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Family Law Reader

Family Law Reader

April 2004

Stock Options: The Purpose Doctrine Under Attack?

Laura W. Morgan

This past month, the Missouri Court of Appeals decided Clance v. Clance. In this case, the husband was awarded stock options one day after the parties were divorced. The court conceded that the stock options’ purpose was to reward the husband for past work, i.e., efforts that took place entirely during the marriage. It concluded nonetheless that the stock options were not marital property, because the stock options did not fit the definition of marital property in that there was no enforceable right to the options acquired during the marriage. This decision does damage to the well-settled “purpose doctrine” used by courts to determine the classification of stock options.

Options that Vest During the Marriage

When a spouse acquires stock options during the marriage and the options vest prior to the applicable valuation date, these options are marital property, even if they haven’t been exercised. Sommers v. Sommers, 1997 WL 328035 (Minn. Ct. App. 1997); Johnson v. Johnson, 1998 WL 835562 (Tenn. Ct. App. 1998); Charriere v. Charriere, 7 S.W.3d 217 (Tex. Ct. App. 1999); Donohue v. Donohue, 1997 WL 374817 (Va. Ct. App. 1997).

Because stock options may be awarded for past, present, or future employee services, stock options that vest during the marriage but are for services rendered before the marriage are separate property. Demo v. Demo, 101 Ohio App. 3d 383, 655 N.E.2d 791 (1995); Willets v. Willets, 247 A.D.2d 288, 668 N.Y.S.2d 623 (1st Dep’t 1998).

Options that are Unvested During the Marriage

In most jurisdictions, classifying unvested or unmatured options requires a finding of fact regarding the purpose behind the option. As stated in Bornemann v. Bornemann, 245 Conn. 508, 752 A.2d 978, 985 (1998),

In determining when unvested stock options were earned, or will be earned, the purpose for which the options were granted must be considered. Stock options may be awarded for a variety of purposes — including to compensate the employee for past or present services, or to provide an incentive for future services, that may or may not relate in whole or part to the period of the marriage.

The leading case on this issue of classification is In re Marriage of Hug, 154 Cal. App. 3d 780, 201 Cal. Rptr. 676 (1984). In that case, the court recognized that while stock options are most often awarded to employees as a means of providing incentive for future services to the company, they may also be awarded to attract valuable employees and defer compensation for present services, or to reward valuable employees for past services. 154 Cal. App. 3d at 786, 201 Cal. Rptr. at 680-81. Thus, when a spouse receives employee stock options during the marriage, but the options will not vest or mature until after the divorce, the options may be entirely marital, entirely separate, or hybrid, i.e., part marital and part separate, depending on the purpose behind the grant. This approach has been adopted in most jurisdictions.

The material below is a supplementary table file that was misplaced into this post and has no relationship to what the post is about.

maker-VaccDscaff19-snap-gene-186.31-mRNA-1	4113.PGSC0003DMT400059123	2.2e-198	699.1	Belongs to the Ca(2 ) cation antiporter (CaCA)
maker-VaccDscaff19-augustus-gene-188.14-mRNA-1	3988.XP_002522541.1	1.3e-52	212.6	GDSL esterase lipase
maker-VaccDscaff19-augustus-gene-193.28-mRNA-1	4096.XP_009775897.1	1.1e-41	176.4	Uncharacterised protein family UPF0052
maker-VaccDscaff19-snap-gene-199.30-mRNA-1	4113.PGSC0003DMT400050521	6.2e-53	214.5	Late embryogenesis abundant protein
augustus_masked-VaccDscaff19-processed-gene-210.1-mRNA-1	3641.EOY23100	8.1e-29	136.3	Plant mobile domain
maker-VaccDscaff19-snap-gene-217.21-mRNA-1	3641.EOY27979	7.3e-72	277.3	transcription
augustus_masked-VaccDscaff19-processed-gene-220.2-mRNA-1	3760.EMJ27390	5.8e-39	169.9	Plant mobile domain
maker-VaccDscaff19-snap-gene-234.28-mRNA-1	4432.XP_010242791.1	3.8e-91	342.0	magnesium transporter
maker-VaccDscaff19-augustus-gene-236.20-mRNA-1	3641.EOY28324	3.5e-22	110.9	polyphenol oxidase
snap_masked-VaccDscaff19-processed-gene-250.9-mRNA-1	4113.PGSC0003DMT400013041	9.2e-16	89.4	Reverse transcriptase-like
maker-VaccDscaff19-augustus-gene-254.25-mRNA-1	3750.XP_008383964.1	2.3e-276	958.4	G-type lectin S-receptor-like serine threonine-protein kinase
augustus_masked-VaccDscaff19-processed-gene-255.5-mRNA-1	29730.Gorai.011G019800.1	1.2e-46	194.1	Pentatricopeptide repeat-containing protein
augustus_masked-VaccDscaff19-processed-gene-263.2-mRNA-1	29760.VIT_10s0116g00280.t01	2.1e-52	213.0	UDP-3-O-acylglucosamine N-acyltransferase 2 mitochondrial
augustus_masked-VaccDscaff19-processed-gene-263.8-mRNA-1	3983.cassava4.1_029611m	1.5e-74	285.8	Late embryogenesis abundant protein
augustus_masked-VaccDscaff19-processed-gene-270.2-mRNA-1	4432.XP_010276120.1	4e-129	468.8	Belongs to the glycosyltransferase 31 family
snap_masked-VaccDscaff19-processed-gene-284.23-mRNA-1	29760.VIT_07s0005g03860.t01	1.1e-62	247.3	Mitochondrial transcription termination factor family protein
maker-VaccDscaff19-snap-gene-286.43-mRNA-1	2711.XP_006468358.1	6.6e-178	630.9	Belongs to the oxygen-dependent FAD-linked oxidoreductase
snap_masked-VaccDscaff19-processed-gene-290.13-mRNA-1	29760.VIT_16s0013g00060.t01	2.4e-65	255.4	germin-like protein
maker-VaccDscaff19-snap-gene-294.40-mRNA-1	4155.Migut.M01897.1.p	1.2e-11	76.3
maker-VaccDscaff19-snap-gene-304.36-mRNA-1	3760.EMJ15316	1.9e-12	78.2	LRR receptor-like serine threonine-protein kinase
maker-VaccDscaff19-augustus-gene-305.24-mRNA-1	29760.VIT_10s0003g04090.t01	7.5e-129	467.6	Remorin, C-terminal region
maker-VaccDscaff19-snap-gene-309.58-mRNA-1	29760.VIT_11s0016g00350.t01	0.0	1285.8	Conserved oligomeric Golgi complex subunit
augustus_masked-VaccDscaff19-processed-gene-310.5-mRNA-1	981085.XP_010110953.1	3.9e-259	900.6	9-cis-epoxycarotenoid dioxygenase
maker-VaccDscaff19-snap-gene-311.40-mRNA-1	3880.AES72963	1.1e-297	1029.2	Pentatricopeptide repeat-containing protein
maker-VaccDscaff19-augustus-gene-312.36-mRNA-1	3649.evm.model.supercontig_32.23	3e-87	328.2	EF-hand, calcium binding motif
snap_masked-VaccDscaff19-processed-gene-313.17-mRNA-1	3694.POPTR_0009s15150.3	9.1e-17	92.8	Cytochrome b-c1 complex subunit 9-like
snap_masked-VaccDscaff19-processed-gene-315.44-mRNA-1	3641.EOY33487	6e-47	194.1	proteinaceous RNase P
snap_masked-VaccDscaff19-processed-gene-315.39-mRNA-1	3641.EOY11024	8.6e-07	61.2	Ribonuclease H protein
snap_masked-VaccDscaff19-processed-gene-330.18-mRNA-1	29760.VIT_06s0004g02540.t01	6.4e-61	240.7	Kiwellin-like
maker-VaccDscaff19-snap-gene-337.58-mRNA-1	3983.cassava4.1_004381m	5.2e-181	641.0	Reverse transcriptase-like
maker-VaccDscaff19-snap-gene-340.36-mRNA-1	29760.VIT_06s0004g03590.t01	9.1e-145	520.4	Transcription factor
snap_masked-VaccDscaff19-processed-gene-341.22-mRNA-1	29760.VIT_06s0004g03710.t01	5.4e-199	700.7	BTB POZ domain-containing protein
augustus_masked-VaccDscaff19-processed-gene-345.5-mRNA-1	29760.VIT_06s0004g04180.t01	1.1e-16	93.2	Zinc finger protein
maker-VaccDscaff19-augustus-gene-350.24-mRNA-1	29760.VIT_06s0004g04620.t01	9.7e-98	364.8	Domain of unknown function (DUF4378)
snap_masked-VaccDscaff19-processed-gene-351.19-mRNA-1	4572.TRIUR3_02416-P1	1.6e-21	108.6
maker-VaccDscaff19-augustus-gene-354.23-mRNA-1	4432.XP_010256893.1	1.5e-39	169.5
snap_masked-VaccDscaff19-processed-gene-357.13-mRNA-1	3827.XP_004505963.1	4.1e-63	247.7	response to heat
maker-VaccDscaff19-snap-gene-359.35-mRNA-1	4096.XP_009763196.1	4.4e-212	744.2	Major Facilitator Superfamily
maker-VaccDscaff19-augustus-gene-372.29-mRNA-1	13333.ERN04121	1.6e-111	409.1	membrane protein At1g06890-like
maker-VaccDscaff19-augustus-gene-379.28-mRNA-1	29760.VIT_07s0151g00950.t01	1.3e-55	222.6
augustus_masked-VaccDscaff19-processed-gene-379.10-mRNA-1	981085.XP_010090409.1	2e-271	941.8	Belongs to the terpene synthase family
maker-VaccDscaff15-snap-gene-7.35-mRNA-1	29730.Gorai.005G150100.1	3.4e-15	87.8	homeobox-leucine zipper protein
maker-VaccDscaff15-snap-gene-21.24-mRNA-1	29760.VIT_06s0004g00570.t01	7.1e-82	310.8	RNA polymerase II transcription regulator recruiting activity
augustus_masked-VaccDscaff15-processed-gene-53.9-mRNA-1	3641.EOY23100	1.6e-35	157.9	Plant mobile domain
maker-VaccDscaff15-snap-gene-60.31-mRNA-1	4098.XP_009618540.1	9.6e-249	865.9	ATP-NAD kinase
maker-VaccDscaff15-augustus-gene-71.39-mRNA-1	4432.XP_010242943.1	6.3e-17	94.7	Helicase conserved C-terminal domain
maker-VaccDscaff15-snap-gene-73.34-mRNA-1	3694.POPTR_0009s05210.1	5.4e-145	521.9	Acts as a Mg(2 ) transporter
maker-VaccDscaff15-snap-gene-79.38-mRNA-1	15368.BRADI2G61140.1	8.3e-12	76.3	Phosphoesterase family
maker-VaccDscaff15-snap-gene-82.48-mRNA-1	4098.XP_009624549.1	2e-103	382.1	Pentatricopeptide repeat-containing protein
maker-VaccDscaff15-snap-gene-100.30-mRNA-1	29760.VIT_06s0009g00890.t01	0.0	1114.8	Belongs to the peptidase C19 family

The trial court must therefore find as a matter of FACT the purpose of the stock options. As stated in DeJesus v. DeJesus, 90 N.Y.2d 643, 687 N.E.2d 1319, 1324 (1997),

The trial judge must first determine, based on competent evidence, whether and to what extent the stock plans were granted as compensation for the employee’s past services or as incentive for the employees future services.

In order to do this, the DeJesus court stated,

[R]elevant factors would include whether the stock plans are offered as a bonus or as an alternative to fixed salary, whether the value or quantity of the employee’s shares is tied to future performance and whether the plan is being used to attract key personnel from other companies.

90 N.Y.2d at 652, 687 N.E.2d at 1324. See also In re Marriage of Taraghi, 159 Or. App. 480, 977 P.2d 453 (1999) (concluding, based on documents relating to Intel stock plan, that company intended to compensate employees for both past and future services).

Once the court has determined the purpose behind the stock option grant, the court can then ascertain whether the options are marital, separate, or hybrid in nature. Resolving the issue depends at least in part on the timing of the grant and the vesting schedule. Obviously, stock options granted at the end of the marriage for future services only are the owning spouse’s separate property. Warren v. Warren, 2 Ariz. App. 206, 407 P.2d 395 (1965); In re Marriage of Nelson, 177 Cal. App. 3d 150, 222 Cal. Rptr. 790 (1986); Hopfer v. Hopfer, 59 Conn. App. 452, 757 A.2d 673 (2000); Raphael v. Raphael, No. C-980696, 1999 WL 1043726 (Ohio Ct. App. November 19, 1999). But stock options granted at the end of the marriage for the purpose of compensating for past services may be entirely marital property. Petersen v. Petersen, 1993 WL 332475 (Del. Fam. Ct. April 15, 1993); Goodwyne v. Goodwyne, 639 So. 2d 1210 (La. Ct. App. 1994). In fact, New Jersey has explicitly stated this rule in Pascale v. Pascale, 140 N.J. 583, 660 A.2d 485 (1995), where the court held that employee stock options obtained as a result of efforts expended during the marriage are subject to equitable distribution.

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